It's not necessarily uncommon to keep secrets from your partner. In fact, a 2014 Slater & Gordon study conducted in the UK found that 20% of people were keeping a major secret from their spouse, while 12% of those said they'd gone to great lengths to keep that secret, well, a *secret*. But just because many people don't tell their partners the truth doesn't mean that it's okay. That same study highlighted how keeping secrets could cause major and immediate relationship problems.
There are so many different kinds of secrets to keep, and people report many reasons for keeping something private, such as a feeling of shame or fear of disapproval. Still, studies show that honesty really is the best policy, so maybe there's something to this idea of coming clean. Of course, being completely honest might be challenging. You might be embarrassed to tell your darkest secret and afraid of what your partner will think of you. On the other hand, it might be freeing and could lead you and your partner to a happier relationship. These are the 16 secrets you really shouldn't keep from your partner... even though most people do.
You might be worried about what your partner thinks about your debt or financial challenges, and that's not an unreasonable fear. A Market Watch study showed that more than half of Americans would not marry someone with significant debt. Still, it's important to be honest about money with your partner. Not only does telling your partner about your financial situatoin make planning dates less stressful (and sometimes cheaper dates are better anyway), but if the relationship goes well and you want to get married or live together one day, they'll find out about your finances anyway. You might as well be upfront.
The same goes for secret funds. Another Market Watch study found that 31% of millennials and 28% of people ages 38 to 53 have kept secret bank accounts from their partner at some point in their lives. This practice is definitely sneaky and could mean serious trouble for your relationship. In fact, it's been reported by the New York Post that 31% of people think keeping a secret bank account or credit card is even worse than physical cheating.
Maybe you were teased about your asthma or eczema as a kid, and now you just don't want to bring it up. Maybe you had a more serious illness, and you're afraid a partner would look at you differently. Medical histories can be sensitive topics, but you shouldn't be afraid to talk about your own medical history with your partner.
Not only will it feel good to open up, but it's also important to talk about in order to ensure your safety when around your partner. If you've had seizures before, someone you're dating should know what to do if it happens again. The same goes for food intolerances or allergies (did you know that every year, 200,000 Americans need emergency medical care to treat their food allergies?) When it comes to your health, it's important to keep yourself safe, so don't be shy.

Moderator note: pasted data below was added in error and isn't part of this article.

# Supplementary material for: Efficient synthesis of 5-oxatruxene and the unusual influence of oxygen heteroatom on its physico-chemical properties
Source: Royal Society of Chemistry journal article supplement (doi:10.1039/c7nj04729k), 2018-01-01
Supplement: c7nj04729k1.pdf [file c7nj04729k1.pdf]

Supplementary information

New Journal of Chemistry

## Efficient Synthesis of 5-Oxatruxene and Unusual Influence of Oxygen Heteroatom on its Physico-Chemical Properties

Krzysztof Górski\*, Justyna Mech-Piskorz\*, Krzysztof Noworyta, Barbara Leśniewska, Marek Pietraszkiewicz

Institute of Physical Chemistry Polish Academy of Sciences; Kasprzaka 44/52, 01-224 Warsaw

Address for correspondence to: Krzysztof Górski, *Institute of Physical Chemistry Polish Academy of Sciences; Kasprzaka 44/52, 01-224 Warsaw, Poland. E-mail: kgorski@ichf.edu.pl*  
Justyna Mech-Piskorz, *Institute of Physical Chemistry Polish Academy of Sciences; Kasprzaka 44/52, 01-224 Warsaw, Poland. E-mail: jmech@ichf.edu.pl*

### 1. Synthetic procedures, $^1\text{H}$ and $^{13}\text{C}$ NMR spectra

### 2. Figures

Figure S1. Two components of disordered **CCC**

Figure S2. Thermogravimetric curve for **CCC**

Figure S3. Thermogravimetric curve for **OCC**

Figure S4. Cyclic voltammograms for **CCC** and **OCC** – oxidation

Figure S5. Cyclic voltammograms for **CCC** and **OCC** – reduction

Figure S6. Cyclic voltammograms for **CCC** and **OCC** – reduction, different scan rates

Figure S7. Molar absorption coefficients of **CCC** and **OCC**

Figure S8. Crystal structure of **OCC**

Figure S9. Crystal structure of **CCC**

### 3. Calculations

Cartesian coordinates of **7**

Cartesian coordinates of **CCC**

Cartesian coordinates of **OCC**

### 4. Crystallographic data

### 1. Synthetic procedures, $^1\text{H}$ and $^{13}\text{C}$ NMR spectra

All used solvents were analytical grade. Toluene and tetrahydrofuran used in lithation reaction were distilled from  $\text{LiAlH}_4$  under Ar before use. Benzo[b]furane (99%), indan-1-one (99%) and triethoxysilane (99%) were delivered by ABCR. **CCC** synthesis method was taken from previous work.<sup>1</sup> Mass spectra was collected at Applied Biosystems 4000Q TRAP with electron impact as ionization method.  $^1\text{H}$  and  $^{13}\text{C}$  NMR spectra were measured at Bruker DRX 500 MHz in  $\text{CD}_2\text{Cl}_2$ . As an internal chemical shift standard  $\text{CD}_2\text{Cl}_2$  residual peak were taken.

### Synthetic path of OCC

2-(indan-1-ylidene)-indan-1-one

Maybe you're afraid of spiders, public speaking, or long road trips.
If you have a big phobia, you might cringe at the idea of talking about your fear at all, but don't keep it a secret from your partner for too long. It's important that your partner can be sensitive about your fears and make sure you're not put into a nightmare situation — You don't want to be asked to make an impromptu speech only for your S/O to learn you're terrified of public speaking. Plus, it's a great bonding activity. Maybe you'll end up with some of the same fears and reach a better understanding of each other. One Chapman University study from 2017 showed that almost 75% of people are afraid of corrupt government officials, so if you're also keeping political allegiance a secret, maybe you can kill two birds with one stone.
Don't be afraid to share your (possibly weird) sexual fantasies. You might be freaky, but that doesn't mean your needs aren't important.
In fact, what you might think is an uncommon kink might be more common than you think. One study published in the Journal of Sexual Medicine found that most sexual fantasies were actually pretty common. So, speak up, because your partner might be thinking the same thing!
On the other hand, if your partner isn't actually into your sexual preferences, it's good to know early on so you can find someone who you'll be more compatible with.
Some people might carry around a secret dream that sounds so crazy that they don't even want to talk about it for fear of sounding unrealistic. But if you should be able to share your deepest dream with someone, it's your partner.
It could be a good bonding activity with both of you to talk about your hopes for the future. Or maybe your partner doesn't think your dream is so outlandish, and they could even encourage you and help you accomplish that goal.
Talking about your dreams with your partner is a great thing to do because it puts you both on the same page. You're letting each other in on what your hopes are for the future and hopefully encouraging each other to make your dreams come true.
The decision to have kids (or not) is a big one, and when it comes to this topic, you have to be honest with your partner and yourself.
Maybe your partner has said from the beginning that they really want to have kids, or maybe they've said that they really don't want any. You might have gone along with that idea, knowing you love your partner and not wanting to lose them. But if you're feeling like you have a strong opinion on whether or not you want kids or your thoughts are changing, don't keep those thoughts a secret. A 2009 scholarly study showed that lots of people change their minds when it comes to the idea of having kids. It's okay if you've changed your mind, too.
You might be afraid to talk about it for fear of losing your partner, but you owe it to both of yourselves to be honest about your feelings.
Maybe your exes are a bit of a touchy subject. Still, you should at least give your partner an outline of your past experiences. Not only is it just good information to know — For example, if your partner and your ex know each other, it would put your partner in an awkward situation if they were left in the dark — but it's also good for your partner to know what kind of challenges you've faced in past relationships, how you've been treated, and how that has affected you.